Soil Moisture Management on Greens

When I visit golf courses around the world, moisture issues are the number one problem of greens management I see. Overwatering to the point of creating an area that is unsuited for plants to survive is common. Implementing a daily watering protocol can save the golf course so much stress and even a Superintendent’s job.

Whether your course is getting average rainfall or having to supplement the rainfall with irrigation, applying the correct amount of irrigation is one of the most challenging jobs a superintendent has to face.

Do you know the proper moisture reading for your greens? You would be surprised that most turf managers do not.

Turfgrass will grow more roots where moisture and soil conditions are correctly available and when plants are photosynthetically active to generate carbohydrates for storage. If the moisture needed for the plant sits near the surface, the plant’s roots will not go searching deeper for more. Equally, roots will not burrow through dry soils to search for moisture; they will grow deeper if the lower ranges of the root zone hold more moisture than the high ranges. So watering deeper on certain nights or a penetrating surfactant can play a significant factor here.

As the summer heat takes its toll, in dry and unsuitable conditions, some turf can see its root mass seriously depleted – and with it, the ability to utilize soil moisture deeper in the profile. Trials typically show a 20 to 40% reduction in root mass under drought stress but can be as much as 60%.

Overwatering occurs for many reasons, but one of the biggest is the fear of getting too dry, and the tendency is to overwater and keep it too wet.

A great water source and well-drained soils can usually tolerate this more than a course with poor water quality (I.E., effluent or grey water) high in salts can lock up the soil. The downside is that nothing good comes from overwatering golf courses, especially the putting surfaces.

Unless you have the latest and greatest irrigation system that will read rainfall, measure E.T., or have moisture meters in the greens, you must implement a proper moisture management protocol yourself.

A proper water management protocol is not tricky, and you do not need a degree from MIT. The aim is to balance the soil’s water holding capacity and sufficient oxygen for healthy growth. However, that can be compromised by hydrophobic soil particles, which have lost the ability to hold onto the water. That can happen on a microscopic level, with individual particles, or on a grander scale up to a widespread hydrophobic dry patch.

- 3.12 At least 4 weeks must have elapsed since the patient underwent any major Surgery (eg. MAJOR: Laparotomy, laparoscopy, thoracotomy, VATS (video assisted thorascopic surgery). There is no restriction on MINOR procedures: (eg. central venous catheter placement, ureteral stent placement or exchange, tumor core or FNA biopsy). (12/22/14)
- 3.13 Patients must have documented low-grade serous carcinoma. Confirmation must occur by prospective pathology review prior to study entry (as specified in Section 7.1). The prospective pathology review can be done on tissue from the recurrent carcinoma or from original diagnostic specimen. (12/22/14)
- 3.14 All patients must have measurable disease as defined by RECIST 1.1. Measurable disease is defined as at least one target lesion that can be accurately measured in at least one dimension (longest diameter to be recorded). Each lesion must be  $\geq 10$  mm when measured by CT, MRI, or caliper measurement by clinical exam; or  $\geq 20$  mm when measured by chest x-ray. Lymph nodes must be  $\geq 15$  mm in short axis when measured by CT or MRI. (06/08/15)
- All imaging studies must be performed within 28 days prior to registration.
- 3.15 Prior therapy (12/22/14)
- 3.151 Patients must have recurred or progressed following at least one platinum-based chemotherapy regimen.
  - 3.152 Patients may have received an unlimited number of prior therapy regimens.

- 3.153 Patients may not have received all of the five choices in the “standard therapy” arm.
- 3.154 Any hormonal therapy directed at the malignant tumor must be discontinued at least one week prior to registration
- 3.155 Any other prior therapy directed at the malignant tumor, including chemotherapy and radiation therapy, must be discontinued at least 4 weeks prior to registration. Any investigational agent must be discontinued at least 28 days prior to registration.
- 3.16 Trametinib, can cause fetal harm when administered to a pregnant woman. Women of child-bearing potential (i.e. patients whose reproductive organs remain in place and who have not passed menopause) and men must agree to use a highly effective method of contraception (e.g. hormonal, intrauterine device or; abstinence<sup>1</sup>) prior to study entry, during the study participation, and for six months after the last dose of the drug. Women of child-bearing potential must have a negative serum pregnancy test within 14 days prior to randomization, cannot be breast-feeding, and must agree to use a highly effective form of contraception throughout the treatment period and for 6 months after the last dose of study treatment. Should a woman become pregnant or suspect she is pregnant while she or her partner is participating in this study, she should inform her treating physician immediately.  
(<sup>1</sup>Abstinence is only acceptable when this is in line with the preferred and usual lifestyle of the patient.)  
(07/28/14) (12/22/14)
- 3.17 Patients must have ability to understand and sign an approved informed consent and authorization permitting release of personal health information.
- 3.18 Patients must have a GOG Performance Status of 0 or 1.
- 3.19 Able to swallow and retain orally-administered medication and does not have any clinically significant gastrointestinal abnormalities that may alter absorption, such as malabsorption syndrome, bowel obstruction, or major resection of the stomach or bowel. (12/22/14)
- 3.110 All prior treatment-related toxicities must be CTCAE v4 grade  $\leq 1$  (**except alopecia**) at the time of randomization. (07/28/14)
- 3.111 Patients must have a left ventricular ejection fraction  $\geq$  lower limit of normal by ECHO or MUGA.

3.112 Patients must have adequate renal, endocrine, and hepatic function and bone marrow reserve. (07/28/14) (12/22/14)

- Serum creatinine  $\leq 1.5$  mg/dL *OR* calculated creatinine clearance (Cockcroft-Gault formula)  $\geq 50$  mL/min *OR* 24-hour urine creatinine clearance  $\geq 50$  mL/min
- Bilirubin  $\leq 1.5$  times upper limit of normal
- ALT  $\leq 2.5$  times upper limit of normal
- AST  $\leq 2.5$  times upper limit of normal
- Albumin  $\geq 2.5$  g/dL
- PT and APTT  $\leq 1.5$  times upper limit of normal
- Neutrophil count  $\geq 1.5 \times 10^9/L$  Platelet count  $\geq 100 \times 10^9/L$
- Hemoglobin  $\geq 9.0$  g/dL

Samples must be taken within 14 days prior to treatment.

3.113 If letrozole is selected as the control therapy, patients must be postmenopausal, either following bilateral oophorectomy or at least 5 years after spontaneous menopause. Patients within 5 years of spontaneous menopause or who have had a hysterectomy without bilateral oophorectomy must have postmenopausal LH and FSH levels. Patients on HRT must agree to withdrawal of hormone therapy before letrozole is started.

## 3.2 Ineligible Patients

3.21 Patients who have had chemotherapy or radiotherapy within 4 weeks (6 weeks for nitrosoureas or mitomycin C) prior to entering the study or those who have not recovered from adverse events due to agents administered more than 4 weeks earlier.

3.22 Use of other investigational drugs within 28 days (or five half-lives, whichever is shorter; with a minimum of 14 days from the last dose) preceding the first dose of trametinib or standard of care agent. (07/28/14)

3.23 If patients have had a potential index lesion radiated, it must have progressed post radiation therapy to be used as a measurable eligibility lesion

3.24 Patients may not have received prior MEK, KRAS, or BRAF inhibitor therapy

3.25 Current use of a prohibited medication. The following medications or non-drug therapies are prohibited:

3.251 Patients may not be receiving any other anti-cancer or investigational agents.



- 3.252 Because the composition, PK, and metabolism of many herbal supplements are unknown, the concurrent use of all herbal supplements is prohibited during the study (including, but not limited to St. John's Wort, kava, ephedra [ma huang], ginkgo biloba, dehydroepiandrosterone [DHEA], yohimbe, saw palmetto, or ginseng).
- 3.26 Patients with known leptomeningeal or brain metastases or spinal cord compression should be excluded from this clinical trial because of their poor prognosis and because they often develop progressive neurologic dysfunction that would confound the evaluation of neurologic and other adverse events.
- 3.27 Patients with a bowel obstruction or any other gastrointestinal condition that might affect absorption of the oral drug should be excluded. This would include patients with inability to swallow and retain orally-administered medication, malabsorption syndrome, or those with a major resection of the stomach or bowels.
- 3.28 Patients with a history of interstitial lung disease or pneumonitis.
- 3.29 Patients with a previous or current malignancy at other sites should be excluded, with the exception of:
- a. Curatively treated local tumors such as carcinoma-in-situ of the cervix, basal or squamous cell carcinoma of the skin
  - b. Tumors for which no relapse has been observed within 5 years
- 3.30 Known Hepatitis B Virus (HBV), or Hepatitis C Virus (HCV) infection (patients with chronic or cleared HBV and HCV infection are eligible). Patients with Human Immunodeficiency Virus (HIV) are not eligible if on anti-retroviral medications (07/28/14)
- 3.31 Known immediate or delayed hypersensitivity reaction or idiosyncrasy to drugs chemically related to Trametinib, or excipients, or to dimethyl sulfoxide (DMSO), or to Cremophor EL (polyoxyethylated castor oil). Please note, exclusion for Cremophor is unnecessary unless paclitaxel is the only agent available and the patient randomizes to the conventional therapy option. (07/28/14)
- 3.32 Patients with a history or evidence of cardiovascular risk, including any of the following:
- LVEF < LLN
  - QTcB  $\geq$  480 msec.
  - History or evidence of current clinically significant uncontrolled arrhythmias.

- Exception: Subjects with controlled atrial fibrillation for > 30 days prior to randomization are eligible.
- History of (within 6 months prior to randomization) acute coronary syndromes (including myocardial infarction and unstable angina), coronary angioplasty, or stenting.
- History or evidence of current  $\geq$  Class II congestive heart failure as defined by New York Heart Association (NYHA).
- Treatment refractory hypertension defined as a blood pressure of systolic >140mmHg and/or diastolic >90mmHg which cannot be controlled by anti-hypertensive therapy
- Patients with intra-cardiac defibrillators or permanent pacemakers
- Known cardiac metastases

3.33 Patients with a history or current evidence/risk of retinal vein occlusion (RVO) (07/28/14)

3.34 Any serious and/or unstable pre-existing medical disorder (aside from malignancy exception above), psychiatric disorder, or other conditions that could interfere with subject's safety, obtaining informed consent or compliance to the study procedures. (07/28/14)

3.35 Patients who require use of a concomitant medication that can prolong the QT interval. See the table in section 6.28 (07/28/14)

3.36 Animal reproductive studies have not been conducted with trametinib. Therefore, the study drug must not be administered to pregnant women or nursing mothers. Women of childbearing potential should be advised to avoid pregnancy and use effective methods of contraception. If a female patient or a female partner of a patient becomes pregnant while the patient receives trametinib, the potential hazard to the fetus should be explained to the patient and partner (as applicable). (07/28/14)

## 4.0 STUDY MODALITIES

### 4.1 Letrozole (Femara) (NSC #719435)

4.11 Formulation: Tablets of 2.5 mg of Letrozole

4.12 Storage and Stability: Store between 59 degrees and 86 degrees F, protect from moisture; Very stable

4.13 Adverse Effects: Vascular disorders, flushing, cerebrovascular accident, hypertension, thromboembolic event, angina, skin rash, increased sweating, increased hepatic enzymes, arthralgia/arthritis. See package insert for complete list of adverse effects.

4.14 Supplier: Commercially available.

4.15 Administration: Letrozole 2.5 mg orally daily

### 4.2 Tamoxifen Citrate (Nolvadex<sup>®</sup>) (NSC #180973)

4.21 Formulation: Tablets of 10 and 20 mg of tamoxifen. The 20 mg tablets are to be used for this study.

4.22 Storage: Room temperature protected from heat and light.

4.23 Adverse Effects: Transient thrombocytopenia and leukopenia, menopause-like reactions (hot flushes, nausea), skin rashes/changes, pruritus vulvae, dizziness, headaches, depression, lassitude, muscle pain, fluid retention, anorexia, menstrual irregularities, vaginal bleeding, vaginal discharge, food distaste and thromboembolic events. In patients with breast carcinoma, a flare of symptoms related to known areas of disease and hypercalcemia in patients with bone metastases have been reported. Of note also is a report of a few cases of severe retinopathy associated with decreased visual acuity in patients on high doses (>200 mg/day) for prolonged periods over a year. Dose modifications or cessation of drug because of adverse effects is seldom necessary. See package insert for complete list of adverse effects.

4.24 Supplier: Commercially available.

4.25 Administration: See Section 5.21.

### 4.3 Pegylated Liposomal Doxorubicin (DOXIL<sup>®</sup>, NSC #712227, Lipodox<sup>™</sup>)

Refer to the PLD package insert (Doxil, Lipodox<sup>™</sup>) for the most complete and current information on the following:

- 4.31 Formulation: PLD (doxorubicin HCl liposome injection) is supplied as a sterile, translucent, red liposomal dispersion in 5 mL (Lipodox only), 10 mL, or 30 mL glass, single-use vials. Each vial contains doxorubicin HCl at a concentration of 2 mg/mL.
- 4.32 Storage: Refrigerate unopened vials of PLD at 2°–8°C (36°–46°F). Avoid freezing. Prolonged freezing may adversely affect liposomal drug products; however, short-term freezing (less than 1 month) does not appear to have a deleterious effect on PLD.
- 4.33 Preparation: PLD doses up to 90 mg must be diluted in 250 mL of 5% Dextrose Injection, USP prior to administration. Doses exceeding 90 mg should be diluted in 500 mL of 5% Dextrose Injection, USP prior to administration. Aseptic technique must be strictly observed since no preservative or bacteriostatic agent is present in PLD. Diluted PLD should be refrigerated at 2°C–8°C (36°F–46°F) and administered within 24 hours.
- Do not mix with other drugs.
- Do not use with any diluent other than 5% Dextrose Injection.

Additionally, it enables the way that water is applied with irrigation to be more efficient. Irrigation little and often, which keeps the surface and top layer moist, could encourage shallow roots in that zone, with less of the beneficial deeper rooting retained. Water near the surface is also more prone to evapotranspiration in the heat, but its nature leads to more changeable playing surface characteristics throughout the day.

Soil moisture can be better retained deeper in the profile by irrigating less often but applying more water at each application. This encourages deeper root retention and enables better utilization of moisture and nutrients, along with consistent surface playability, providing the water has the means to infiltrate the surface quickly.

Saturated soils are lower in oxygen, which is detrimental to developing healthy turfgrass roots and turf grass vigor.

Additionally, saturated soils have a more significant temperature increase under high air temperatures than properly irrigated soils under the same temperatures. From a turf health and management perspective, there is no advantage to having soil moisture levels higher than necessary at any time. In some instances, higher moisture levels are detrimental to turf’s health.

Overwatering also may increase mowing frequency to keep up with increased clipping yield compared to maintaining dryer conditions. As this occurs, you are also flushing out necessary nutrients because they have been leached thru the soil profile, causing an increase in fertility costs.

One of the most significant hidden impacts of overwatering is its effects on playability. Overwatering creates soft playing conditions that most golfers hate.

What is the cost of overwatering your golf course? The cost of overwatering depends on many factors, including turfgrass species, the region of the country you are in, the age of the green, and the cost of purchasing water.

Some of the costs include:

  • Increased use of fungicides to combat disease and algae
  • Labor to do repairs to wet areas from ruts caused by maintenance equipment
  • Extra time and effort to vent or spike the overwatered surface and get oxygen around the root
  • Cost of the irrigation water, if applicable, and the utilities to run the pump station
  • Slowdown of play because of less ball roll and shorter drives
  • Golfer dissatisfaction and the resulting loss of play
  • This can also lead to the reconstruction of the green itself as it starts to break down.

What can you do?

  • Use a moisture meter and soil probe to determine if the turf needs water and only water to the depth of the root zone and to the areas that need it.
  • Keep the course on the drier side, and when you get natural rainfall, the course will be more receptive. Also, using surfactants to manage the water through the profile is very important. Research and find the best product for you.
  • Walk the greens daily, buy a good moisture meter, and only use the irrigation system properly when needed.

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